Today’s Joy: February 2020


Sunday, February 16, 2020

Giving Up Your Power
“Those who ignore instruction despise themselves, but those who heed admonition gain understanding.” — Proverbs 15:32
I have known many folks who have decided to ignore those who express a different opinion on politics or religion. I, like them, have been taught that ignoring conflict is the polite thing to do.
I decided a few years ago that when I don’t speak up to another who has a different option is giving away my power to those who WILL SPEAK UP.
A lifelong friend sent out a note in which I differed. I politely responded that I think she didn’t want to include me on her mailing list on that subject. She agreed to take me off that mailing list. We had several exchanges where we intersected at many other places in our history.
My teacher, Dr. Natalie Haimowitz, told me about a meeting where the American Association of University Women gathered the anti-abortion folk and the pro-abortion folk to a meeting in the local library. The AAUW leadership suggested that both groups look at the places where they could come together to help their community. An extended Sunday afternoon discussion resulted in several places they could work together: help young women in the city by identifying them and offering ways to help them in daily living as well as their educational desires. A committee formed to accomplish the tasks. I know that is a powerful way for both sides to claim their power and serve humanity. I would have liked to have known the results of this project.
You and I are called in life to speak up instead of ignoring the situation. You give away your power to others who will speak up. Sharing your thoughts may bring good news, as in the two above illustrations.

Friday, February 14, 2020

Pursue Love
“And now faith, hope, and love abide, these three; and the greatest of these is love. Pursue love …” First Corinthians 13:13-14:1a

First Corinthians 13:13 is ordinarily used in a wedding. I have insisted that people use the first part of the 14th chapter. 

The 13th chapter reads as a familiar scripture which adequately describes love. I think the first phase of the 14th chapter adds the missing part of love. The missing element is action.

“Purse love” is the New Revised Standard Translation while the New International says, “Follow the way of Love.” “Make love your aim” is the Revised Standard Version’s translation. The consensus is that love requires action.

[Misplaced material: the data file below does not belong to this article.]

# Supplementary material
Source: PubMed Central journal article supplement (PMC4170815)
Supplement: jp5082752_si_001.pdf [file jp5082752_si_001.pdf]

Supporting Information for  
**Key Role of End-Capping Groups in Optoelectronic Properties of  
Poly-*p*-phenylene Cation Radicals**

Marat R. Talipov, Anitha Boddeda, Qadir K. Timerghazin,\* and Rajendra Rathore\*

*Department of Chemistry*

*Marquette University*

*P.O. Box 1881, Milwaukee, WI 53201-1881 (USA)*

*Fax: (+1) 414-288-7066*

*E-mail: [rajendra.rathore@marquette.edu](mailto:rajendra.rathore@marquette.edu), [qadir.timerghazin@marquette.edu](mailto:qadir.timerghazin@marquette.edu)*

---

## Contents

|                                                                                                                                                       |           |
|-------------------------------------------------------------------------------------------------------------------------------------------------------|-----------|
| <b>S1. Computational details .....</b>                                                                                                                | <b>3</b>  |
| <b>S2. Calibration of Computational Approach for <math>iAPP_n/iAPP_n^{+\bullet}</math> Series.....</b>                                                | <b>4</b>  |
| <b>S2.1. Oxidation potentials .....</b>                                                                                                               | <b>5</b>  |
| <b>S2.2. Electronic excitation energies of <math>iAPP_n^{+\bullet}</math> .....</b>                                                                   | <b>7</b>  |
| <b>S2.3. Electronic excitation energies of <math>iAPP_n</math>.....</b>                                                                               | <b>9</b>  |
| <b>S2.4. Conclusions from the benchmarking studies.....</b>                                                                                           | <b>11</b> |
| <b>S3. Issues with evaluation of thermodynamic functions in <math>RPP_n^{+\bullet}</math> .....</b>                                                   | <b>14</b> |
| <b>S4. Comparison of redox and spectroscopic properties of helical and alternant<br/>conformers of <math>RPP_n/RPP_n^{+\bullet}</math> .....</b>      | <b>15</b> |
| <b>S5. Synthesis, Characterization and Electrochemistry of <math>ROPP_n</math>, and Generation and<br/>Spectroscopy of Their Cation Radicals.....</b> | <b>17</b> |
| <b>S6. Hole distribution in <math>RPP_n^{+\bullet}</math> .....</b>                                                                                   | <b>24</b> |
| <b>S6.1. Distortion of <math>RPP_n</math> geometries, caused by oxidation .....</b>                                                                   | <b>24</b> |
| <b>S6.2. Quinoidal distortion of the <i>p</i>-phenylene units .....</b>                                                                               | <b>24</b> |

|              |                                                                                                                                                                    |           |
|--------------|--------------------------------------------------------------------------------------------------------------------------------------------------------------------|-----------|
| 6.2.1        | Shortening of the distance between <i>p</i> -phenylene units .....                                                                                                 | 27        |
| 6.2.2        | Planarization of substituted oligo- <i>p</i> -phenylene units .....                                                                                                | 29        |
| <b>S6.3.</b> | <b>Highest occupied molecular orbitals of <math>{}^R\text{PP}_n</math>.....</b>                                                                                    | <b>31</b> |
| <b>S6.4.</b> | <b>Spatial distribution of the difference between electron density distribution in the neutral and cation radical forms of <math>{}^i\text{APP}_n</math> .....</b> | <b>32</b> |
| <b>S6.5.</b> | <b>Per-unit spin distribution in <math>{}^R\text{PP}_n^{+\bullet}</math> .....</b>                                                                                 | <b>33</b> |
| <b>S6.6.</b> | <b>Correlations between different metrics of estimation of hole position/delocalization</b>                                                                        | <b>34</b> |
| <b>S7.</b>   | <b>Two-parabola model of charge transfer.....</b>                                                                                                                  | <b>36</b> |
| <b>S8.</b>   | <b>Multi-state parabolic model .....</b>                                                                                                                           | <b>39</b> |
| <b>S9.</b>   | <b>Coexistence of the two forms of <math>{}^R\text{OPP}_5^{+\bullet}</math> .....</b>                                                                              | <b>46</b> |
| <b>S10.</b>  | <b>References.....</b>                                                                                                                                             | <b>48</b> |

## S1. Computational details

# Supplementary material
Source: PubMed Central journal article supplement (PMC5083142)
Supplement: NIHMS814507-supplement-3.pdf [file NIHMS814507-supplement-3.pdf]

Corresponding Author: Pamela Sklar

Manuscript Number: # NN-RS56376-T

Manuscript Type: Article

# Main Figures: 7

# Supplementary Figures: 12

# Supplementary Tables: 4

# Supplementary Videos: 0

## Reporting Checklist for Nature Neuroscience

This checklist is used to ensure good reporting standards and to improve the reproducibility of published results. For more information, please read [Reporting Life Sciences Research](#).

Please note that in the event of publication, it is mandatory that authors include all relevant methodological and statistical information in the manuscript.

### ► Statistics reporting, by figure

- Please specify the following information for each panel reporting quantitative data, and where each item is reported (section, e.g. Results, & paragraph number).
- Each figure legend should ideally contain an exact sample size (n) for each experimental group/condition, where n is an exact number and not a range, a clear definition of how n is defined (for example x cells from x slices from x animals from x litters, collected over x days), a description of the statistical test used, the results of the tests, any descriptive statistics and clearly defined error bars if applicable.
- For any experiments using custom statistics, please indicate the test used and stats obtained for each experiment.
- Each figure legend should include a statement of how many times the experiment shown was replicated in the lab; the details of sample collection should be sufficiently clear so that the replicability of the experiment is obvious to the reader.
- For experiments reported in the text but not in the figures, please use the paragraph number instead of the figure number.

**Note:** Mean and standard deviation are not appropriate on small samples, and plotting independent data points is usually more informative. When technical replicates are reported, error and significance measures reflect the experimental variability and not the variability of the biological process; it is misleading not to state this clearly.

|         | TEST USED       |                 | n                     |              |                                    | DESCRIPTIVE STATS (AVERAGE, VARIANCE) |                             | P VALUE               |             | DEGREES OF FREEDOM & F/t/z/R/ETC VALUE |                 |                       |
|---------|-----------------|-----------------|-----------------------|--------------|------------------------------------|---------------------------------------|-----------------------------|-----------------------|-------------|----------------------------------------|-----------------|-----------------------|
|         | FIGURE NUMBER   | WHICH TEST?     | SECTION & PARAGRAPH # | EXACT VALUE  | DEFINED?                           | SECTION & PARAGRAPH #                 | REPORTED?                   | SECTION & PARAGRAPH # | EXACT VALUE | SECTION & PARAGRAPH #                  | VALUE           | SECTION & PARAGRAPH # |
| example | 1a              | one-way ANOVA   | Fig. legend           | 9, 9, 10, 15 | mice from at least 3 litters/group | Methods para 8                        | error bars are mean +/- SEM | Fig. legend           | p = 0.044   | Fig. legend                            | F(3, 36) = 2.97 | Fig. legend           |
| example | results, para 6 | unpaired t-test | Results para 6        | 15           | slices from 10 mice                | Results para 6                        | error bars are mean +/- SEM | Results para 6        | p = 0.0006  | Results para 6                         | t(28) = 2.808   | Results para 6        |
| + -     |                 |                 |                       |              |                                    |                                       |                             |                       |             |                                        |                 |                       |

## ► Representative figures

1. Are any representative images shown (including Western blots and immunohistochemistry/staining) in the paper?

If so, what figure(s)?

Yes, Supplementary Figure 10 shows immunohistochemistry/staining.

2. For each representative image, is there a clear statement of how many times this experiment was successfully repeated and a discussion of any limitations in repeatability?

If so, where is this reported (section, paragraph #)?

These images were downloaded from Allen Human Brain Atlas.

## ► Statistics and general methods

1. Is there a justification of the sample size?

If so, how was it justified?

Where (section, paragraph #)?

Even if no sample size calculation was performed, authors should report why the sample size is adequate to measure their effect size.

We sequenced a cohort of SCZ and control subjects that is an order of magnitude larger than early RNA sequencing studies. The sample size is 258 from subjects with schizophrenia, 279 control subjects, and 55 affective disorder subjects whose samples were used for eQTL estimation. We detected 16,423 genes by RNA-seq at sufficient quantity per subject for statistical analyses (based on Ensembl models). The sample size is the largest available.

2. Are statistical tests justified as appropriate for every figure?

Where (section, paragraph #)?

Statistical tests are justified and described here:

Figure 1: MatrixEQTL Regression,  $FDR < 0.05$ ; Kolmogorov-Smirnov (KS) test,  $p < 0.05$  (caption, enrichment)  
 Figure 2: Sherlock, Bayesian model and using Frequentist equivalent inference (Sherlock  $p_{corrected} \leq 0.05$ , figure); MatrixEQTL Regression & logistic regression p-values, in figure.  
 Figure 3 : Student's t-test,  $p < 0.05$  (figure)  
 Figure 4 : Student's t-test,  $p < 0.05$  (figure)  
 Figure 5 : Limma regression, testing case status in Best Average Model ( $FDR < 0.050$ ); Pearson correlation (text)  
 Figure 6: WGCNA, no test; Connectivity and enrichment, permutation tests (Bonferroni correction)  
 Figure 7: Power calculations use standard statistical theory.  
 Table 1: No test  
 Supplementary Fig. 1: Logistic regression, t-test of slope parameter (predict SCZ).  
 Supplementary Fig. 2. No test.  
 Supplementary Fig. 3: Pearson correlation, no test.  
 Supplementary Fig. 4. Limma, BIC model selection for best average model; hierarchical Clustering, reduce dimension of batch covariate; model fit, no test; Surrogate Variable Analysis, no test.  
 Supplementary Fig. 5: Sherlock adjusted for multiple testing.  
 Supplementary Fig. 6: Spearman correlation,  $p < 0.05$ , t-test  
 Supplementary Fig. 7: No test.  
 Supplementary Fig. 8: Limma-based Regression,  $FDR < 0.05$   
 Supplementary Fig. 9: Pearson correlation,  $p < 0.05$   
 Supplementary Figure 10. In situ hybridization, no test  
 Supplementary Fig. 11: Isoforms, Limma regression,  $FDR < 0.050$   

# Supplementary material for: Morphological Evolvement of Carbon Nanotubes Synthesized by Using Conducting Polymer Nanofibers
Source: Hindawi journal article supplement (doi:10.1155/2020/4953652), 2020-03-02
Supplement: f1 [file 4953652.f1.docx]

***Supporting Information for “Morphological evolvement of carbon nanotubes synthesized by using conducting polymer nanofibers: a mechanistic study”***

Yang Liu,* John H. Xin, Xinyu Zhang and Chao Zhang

On this Valentine’s day, I suggest that love is more than celebrating one day of love. Love requires action by living a life of love by performing.acts of l

Thursday, February 13, 2020

Larry’s Story
“The Lord sets the prisoners free;” Psalm 146:7b

Larry was the Saturday Yolkfellow leader at the Garden Chapel, California State Prison at San Quentin. I was the chaplain on duty Saturdays when I met him. He was a star among the inmates.

Larry was once one of them, an inmate. He resisted Chaplain Byron’s overtures to get him involved in the chapel program. Gradually, he started working in the chapel program. Larry answered a Call into the ministry.

He was released on parole to the Baptist church and met Evelyn, who was a widow and church member. She sat by him at dinner after she donated her deceased husband’s suit. Gradually, they started dating and were married. Larry went to seminary and received credentials in the American Baptist Convention.

Through Chaplain Byron, he received clearance from the California Department of Corrections to do ministry in the Garden Chapel. He was one of the few former inmates who returned as a minister to SQ.

Larry and my friendship grew, and we developed a relationship as fellow ministers. Larry attempted to teach me fly-fishing, his passion. We went out several times. My favorite was fly-fishing on the Merced River, near the entrance to Yosemite National Park.

Evelyn, her son, and Larry stopped by Baker, Montana, the first summer I was there. We visited for a couple of hours. They had been on vacation to the Black Hills in South Dakota. I learned a few years that Larry sadly died from cancer. I felt deep sadness when I learned of is death.

I saw a TV movie about Yosemite last night and remembered Larry’s story. I once spoke to a women’s church service on “Prison Reform.” Larry and Evelyn’s love story served as an example. God works through ordinary human channels. Larry’s story is a “super” example of God’s love.

Wednesday, February 12, 2020

Saddle Buds
“Some friends play at friendship, but a true friend sticks closer than one’s nearest” — Proverbs 18:24

I was twelve years old. My dad died a few months before, and my mother was in a hospital in a town two hundred miles away.

I lived on a ranch with my mom’s cousin and her husband. Georgia cooked for the family and became like a mom to me during that time. She said to me that she was concerned that you don’t have anyone to play.

She brought her nephew on a play date with me. He had never ridden a horse before. I saddled up a gentle horse for him. He did well in the saddle as we rode for an hour or so before lunch. We sat down and ate lunch together. I had fun, for this was the first time I had a buddy my age to enjoy. I enjoyed riding horses with him.

He came out several times that summer to ride with me. We bonded and had fun with each other. We sat and broke bread together as we enjoyed Georgia’s fried chicken. He had visited when the family was away on business. We ate in the kitchen together. 

When the family was home, I had to leave my saddle buddy in the kitchen to eat alone. Georgia and my bud were African-Americans. Texas culture separated the blacks and whites from eating together at home or in public.

I experienced the issue from 12 years old to an adult in graduate school. In graduate school, students of all races ate together in the college cafeteria. The public restaurant was a different story. One drive-in wouldn’t serve us because of an African-American friend was in the car. I sat in a cafeteria across from the campus on Sunday night with my African-American friend. One of the customers came after me for eating with a person of a different race.

My Christian belief has always felt that all races were equal in God’s sight. I had to work to navigate to find places that were open to my friends of color in Texas. I found a way to eat with my friends of color because that’s the right thing to do.